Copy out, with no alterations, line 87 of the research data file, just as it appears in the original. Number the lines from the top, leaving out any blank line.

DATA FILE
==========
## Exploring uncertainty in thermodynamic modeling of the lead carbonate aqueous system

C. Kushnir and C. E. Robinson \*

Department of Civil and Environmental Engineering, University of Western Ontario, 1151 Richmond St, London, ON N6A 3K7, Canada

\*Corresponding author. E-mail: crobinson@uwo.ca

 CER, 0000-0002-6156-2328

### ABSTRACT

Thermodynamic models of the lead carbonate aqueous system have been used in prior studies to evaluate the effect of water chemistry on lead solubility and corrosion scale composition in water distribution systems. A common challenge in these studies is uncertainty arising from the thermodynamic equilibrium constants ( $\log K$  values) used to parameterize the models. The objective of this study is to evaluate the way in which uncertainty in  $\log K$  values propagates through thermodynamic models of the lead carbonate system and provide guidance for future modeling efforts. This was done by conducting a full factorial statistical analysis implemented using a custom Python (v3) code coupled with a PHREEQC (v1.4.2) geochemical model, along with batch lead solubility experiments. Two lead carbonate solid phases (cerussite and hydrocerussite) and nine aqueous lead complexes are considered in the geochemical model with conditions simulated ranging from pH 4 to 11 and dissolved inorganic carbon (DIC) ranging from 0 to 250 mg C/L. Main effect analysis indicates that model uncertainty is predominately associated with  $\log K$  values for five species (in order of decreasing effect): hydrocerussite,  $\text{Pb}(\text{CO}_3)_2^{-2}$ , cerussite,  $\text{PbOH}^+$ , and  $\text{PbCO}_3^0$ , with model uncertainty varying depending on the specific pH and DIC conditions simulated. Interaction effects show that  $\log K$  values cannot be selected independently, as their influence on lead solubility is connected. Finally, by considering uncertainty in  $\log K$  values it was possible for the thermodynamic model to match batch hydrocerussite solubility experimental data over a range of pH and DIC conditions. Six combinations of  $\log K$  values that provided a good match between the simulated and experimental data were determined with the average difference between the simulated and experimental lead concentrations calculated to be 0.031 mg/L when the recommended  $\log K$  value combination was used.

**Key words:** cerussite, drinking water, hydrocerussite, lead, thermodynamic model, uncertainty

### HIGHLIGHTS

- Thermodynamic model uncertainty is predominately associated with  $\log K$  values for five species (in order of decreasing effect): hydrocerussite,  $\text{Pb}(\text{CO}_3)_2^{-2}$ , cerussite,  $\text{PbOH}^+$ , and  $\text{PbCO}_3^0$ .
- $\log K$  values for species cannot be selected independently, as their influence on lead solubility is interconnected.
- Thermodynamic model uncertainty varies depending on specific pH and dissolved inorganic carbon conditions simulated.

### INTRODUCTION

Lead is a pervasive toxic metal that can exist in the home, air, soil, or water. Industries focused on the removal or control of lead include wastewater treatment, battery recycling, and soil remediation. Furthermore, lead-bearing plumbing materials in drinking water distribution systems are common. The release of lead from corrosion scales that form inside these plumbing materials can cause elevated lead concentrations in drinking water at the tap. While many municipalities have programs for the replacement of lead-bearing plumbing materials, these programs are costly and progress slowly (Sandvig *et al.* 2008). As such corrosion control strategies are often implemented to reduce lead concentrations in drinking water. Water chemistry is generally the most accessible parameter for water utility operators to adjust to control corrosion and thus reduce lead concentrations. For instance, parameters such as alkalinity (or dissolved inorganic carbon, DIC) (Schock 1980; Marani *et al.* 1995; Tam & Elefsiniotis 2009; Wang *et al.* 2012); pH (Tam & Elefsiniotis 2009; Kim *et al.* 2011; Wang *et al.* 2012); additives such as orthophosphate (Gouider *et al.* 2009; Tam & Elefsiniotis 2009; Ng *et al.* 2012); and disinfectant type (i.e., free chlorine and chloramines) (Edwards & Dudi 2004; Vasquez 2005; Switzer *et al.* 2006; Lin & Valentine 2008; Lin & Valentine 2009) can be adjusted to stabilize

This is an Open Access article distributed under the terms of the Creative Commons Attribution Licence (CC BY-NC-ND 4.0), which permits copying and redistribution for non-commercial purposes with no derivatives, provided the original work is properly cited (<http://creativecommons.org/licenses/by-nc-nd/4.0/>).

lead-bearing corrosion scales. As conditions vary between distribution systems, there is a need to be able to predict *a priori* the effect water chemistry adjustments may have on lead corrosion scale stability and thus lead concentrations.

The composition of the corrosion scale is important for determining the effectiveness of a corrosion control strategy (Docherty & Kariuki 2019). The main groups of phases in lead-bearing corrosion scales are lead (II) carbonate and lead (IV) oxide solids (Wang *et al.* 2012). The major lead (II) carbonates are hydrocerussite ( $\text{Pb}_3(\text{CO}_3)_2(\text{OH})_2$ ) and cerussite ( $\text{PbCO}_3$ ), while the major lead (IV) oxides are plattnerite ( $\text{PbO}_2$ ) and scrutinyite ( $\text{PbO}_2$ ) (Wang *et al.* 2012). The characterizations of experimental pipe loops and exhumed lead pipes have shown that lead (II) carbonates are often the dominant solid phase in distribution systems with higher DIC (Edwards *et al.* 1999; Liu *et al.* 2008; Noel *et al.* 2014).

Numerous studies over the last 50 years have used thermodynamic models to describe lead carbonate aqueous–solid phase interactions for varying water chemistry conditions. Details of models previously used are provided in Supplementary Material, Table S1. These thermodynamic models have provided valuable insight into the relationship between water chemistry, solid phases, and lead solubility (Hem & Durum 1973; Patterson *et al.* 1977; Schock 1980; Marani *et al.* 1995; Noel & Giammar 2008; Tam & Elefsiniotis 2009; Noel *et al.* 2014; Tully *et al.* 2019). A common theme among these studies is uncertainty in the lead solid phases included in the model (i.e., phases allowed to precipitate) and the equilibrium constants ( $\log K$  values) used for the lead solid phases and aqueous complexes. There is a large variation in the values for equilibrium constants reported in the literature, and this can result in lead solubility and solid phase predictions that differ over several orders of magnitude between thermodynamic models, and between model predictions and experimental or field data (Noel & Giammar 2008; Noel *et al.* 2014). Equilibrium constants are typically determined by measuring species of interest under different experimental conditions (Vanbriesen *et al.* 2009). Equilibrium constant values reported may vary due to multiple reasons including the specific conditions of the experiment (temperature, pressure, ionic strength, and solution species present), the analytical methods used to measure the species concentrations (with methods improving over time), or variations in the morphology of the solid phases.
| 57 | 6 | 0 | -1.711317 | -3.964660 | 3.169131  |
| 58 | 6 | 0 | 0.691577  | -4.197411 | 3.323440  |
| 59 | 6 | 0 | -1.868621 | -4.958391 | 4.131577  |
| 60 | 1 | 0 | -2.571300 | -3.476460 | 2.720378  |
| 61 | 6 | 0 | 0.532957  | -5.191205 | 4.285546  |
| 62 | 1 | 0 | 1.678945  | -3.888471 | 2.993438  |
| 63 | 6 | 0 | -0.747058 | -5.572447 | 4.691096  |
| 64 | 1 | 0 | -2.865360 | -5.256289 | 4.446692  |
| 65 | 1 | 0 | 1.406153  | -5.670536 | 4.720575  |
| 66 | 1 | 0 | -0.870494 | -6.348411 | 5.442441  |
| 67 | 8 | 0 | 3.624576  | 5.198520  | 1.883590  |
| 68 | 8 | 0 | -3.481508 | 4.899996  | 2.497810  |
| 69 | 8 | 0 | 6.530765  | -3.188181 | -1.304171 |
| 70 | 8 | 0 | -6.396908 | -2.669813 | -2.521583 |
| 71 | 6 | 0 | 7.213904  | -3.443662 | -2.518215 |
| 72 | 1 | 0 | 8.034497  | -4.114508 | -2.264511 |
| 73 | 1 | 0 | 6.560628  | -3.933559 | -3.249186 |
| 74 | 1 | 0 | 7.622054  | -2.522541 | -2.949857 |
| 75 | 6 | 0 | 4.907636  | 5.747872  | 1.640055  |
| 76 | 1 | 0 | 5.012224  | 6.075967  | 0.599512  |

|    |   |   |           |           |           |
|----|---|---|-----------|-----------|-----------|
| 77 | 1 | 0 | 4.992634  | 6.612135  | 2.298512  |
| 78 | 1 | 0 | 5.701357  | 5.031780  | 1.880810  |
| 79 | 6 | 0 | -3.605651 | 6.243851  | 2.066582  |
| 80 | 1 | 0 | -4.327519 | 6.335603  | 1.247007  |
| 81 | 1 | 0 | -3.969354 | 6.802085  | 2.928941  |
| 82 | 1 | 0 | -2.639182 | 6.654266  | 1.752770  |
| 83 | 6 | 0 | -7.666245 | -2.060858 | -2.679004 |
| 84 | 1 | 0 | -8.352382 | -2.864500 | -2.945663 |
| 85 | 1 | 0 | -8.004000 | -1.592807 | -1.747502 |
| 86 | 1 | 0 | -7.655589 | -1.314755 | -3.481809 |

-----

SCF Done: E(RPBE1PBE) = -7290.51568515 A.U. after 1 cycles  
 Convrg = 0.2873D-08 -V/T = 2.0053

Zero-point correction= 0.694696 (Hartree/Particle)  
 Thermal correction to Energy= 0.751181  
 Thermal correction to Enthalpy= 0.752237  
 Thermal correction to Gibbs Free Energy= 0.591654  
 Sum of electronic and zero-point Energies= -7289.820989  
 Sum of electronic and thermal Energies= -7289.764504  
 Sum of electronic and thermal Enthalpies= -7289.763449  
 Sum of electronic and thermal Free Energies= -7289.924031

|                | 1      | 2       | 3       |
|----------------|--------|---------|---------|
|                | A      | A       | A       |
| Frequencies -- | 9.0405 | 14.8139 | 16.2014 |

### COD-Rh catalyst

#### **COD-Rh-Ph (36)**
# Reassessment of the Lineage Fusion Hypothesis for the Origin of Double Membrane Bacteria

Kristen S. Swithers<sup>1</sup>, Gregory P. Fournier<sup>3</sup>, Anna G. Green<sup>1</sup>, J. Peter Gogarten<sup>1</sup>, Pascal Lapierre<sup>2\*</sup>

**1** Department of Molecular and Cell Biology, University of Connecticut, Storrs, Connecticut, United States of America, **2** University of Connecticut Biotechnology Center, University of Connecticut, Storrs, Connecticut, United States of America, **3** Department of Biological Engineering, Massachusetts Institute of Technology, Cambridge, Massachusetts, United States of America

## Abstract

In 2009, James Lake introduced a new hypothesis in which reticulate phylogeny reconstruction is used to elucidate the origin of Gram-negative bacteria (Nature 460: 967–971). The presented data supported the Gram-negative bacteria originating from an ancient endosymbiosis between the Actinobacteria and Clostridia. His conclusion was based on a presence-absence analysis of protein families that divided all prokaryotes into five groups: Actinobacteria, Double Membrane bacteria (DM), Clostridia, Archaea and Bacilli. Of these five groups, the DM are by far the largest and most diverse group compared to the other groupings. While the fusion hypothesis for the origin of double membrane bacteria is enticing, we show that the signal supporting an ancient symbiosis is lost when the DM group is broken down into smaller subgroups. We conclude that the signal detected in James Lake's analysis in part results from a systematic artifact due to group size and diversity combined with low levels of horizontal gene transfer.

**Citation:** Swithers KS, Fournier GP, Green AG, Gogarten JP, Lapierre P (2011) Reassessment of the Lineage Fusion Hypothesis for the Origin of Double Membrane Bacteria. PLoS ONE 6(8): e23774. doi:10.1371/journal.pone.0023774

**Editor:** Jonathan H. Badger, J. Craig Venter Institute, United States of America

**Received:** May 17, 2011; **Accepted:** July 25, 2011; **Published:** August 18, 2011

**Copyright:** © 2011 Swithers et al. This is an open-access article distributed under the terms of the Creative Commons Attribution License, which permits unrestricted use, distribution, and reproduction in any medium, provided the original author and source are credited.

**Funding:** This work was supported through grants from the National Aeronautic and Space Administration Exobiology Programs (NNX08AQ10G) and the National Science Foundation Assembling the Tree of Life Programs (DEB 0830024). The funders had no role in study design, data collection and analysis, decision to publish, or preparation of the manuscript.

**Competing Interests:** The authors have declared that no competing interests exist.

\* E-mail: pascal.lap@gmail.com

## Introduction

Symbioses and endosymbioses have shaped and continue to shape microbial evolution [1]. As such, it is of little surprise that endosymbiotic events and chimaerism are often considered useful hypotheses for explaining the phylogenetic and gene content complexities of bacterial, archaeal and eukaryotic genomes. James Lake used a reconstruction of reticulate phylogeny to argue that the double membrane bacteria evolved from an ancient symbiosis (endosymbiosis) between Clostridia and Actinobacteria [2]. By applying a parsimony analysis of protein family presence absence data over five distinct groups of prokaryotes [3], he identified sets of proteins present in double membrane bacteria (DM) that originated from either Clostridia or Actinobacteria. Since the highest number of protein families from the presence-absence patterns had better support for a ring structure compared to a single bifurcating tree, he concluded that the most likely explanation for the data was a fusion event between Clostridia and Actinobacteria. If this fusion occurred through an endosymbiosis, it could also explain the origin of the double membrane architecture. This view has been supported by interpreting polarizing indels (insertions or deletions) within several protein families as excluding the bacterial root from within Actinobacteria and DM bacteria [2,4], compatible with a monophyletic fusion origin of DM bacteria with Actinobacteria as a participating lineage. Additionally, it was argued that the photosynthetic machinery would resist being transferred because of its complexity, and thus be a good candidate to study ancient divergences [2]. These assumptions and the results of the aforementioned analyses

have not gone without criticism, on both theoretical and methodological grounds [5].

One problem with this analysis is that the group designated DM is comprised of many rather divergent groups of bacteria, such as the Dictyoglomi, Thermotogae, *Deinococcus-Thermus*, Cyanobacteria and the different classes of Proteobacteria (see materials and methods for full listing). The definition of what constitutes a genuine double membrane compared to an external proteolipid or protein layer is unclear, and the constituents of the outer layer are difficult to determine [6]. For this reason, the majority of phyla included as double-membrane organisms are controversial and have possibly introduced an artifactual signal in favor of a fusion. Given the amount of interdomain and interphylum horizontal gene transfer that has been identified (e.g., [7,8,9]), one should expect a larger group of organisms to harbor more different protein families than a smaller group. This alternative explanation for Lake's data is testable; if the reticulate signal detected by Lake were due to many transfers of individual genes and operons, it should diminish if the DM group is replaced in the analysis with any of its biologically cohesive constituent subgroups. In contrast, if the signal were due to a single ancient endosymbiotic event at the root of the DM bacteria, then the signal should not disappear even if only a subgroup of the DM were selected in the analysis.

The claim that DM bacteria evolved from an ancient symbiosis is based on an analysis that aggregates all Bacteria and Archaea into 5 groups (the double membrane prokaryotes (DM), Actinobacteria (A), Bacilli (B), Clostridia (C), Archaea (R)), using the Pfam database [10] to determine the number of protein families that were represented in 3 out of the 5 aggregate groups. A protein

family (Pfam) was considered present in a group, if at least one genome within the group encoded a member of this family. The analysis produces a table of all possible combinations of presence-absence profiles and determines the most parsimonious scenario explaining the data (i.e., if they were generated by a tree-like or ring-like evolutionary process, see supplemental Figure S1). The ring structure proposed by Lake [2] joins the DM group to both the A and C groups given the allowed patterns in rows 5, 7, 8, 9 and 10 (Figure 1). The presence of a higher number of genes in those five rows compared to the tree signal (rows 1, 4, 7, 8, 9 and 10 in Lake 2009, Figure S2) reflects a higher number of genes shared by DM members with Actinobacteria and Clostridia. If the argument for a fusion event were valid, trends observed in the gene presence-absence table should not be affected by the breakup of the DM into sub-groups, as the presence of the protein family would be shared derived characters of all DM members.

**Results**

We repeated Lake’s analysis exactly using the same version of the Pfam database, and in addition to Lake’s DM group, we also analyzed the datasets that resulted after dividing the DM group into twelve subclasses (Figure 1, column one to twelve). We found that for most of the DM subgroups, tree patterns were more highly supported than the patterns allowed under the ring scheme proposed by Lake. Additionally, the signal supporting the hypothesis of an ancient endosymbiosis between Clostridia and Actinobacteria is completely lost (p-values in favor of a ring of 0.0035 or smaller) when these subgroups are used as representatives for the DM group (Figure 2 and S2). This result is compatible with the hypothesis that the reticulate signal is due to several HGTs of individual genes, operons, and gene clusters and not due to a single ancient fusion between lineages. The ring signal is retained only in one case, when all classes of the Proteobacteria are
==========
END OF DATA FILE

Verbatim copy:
We repeated Lake’s analysis exactly using the same version of the Pfam database, and in addition to Lake’s DM group, we also analyzed the datasets that resulted after dividing the DM group into twelve subclasses (Figure 1, column one to twelve). We found that for most of the DM subgroups, tree patterns were more highly supported than the patterns allowed under the ring scheme proposed by Lake. Additionally, the signal supporting the hypothesis of an ancient endosymbiosis between Clostridia and Actinobacteria is completely lost (p-values in favor of a ring of 0.0035 or smaller) when these subgroups are used as representatives for the DM group (Figure 2 and S2). This result is compatible with the hypothesis that the reticulate signal is due to several HGTs of individual genes, operons, and gene clusters and not due to a single ancient fusion between lineages. The ring signal is retained only in one case, when all classes of the Proteobacteria are